***Over a half-million sold! And available now, the Wall Street Journal Bestselling sequel The Unicorn Project***“Every person involved in a failed IT project should be forced to read this book.”―TIM O’REILLY, Founder & CEO of O’Reilly Media“The Phoenix Project is a must read for business and IT executives who are struggling with the growing complexity of IT.”―JIM WHITEHURST, President and CEO, Red Hat, Inc.Five years after this sleeper hit took on the world of IT and flipped it on it’s head, the 5th Anniversary Edition of The Phoenix Project continues to guide IT in the DevOps revolution.In this newly updated and expanded edition of the bestselling The Phoenix Project, co-author Gene Kim includes a new afterword and a deeper delve into the Three Ways as described in The DevOps Handbook.Bill, an IT manager at Parts Unlimited, has been tasked with taking on a project critical to the future of the business, code named Phoenix Project. But the project is massively over budget and behind schedule. The CEO demands Bill must fix the mess in ninety days or else Bill’s entire department will be outsourced.With the help of a prospective board member and his mysterious philosophy of The Three Ways, Bill starts to see that IT work has more in common with a manufacturing plant work than he ever imagined. With the clock ticking, Bill must organize work flow streamline interdepartmental communications, and effectively serve the other business functions at Parts Unlimited.In a fast-paced and entertaining style, three luminaries of the DevOps movement deliver a story that anyone who works in IT will recognize. Readers will not only learn how to improve their own IT organizations, they’ll never view IT the same way again.“This book is a gripping read that captures brilliantly the dilemmas that face companies which depend on IT, and offers real-world solutions.”―JEZ HUMBLE, Co-author of Continuous Delivery, Lean Enterprise, Accelerate, and The DevOps Handbook
February 1, 2018
File Size: 49 MB
Available File Formats: PDF AZW3 DOCX EPUB MOBI TXT or Kindle audiobook Audio CD(Several files can be converted to each other)
Language: English, Francais, Italiano, Espanol, Deutsch, chinese
Gene Kim is a multi-award winning CTO, researcher, and author. He is the founder of Tripwire and served as CTO for thirteen years. His books include The Phoenix Project, The DevOps Handbook, The Visible Ops Handbook, and Visible Ops Security.Kevin Behr is the founder of the Information Technology Process Institute (ITPI) and the general manager and chief science officer of Praxis Flow LLC. Kevin has 25 years of IT management experience and is a mentor and advisor to CEOs and CIOs. He is the co-author of The Phoenix Projectand The Visible Ops Handbook.George Spafford is a research director for Gartner, covering DevOps, technical change, and release management, in addition to the use of bimodal IT and the pace-layered application strategy. His publications include hundreds of articles and numerous books on IT service improvement, as well as co-authorship of The Phoenix Project,The Visible Ops Handbook, and Visible Ops Security. <div id="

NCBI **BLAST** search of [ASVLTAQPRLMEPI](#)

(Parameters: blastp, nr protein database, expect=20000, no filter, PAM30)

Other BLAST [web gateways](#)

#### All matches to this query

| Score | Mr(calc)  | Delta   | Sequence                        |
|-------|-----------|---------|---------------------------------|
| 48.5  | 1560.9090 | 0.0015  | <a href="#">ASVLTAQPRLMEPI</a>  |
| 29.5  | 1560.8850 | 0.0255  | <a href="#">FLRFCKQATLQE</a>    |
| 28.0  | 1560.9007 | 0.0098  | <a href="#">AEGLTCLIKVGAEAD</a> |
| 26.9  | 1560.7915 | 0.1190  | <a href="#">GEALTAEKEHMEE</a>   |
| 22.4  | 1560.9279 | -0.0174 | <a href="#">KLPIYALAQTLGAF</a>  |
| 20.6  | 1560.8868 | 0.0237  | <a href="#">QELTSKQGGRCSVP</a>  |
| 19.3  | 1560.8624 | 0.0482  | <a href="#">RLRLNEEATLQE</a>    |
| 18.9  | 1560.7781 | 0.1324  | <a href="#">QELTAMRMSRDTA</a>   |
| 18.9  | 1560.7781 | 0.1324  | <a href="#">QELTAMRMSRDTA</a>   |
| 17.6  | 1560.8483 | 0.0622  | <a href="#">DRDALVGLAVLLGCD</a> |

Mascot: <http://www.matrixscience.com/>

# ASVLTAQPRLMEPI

So… DevOps.DevOps is this mythical assembly line of progress that gets code from point A to point B in record time, and by record time, I mean no time. Coded, auto-tested, out the door, bing, bang, boom. The book was an entertaining read (and/or listen) and the authors cleverly couch the concepts of DevOps into a story about a failed delivery system (The Phoenix Project) built ala WaterFall, versus a new system hastily assembled (heh, see what I did there?) on an impromptu assembly line and delivered in record time, performing brilliantly – when compared to the failed behemoth Phoenix Project.So… here’s the problem with DevOps, and the problem with this book.Companies with a nightmarish legacy code base (delivered or not as-of-yet out the door) that are attempting to build DevOps are using the same people that created their behemoth nightmare in the first place. As does the company in the hypothetical story in the book. Worse. The CEO in the book is a horribly bad boss, making wrong decision after wrong decision (I am sure to ramp up the tension to illustrate the saving graces of DevOps). So, I can tell you definitively that ANY company with leadership like that would lose their brilliant techs almost immediately. The market is in desperate need of brilliant techs so there is zero possibility that they are going to stick around a cess pool of politics when they can get a signing bonus and a raise from a company already doing it better and faster, and all without the drama. I’m just saying. And in order to pull off a DevOps operation, you absolutely need brilliant techs. You need tight, well executed product code with sufficient testing hooks so you can automate as you go. So you need brilliant QA that can understand and/or code the hooks right along-side the devs.In short, you need a whole lot more than a single Brent. You just do. And to imagine that there are a room full of brilliant techs writing broken down shoddy bloated code for Phoenix, but then can turn around and write the brilliantly architected code you need for the DevOps project… well… I am able to suspend belief when called upon, but this was more like taking it out back, shooting it, and burying it six feet under. I’m just sayin’.And with that being said, I am a huge, ginormous fan of DevOps (and the book was a FUN read / listen, thus the 4 stars instead of 3). It just takes an incredible talent pool to pull DevOps off and books like this makes companies think they just have to implement this process with the talent they have and poof! instant quality software that can be delivered instantaneously! Woohoo! They would be better served facing the reality of the mess they have, caused by (possibly) a lack of reasonable process, yah, but almost certainly by lack of talent as well. That’s basically how they got where they got.Off soap box now. Doing the tango. Eating Oreos. Feel free to join!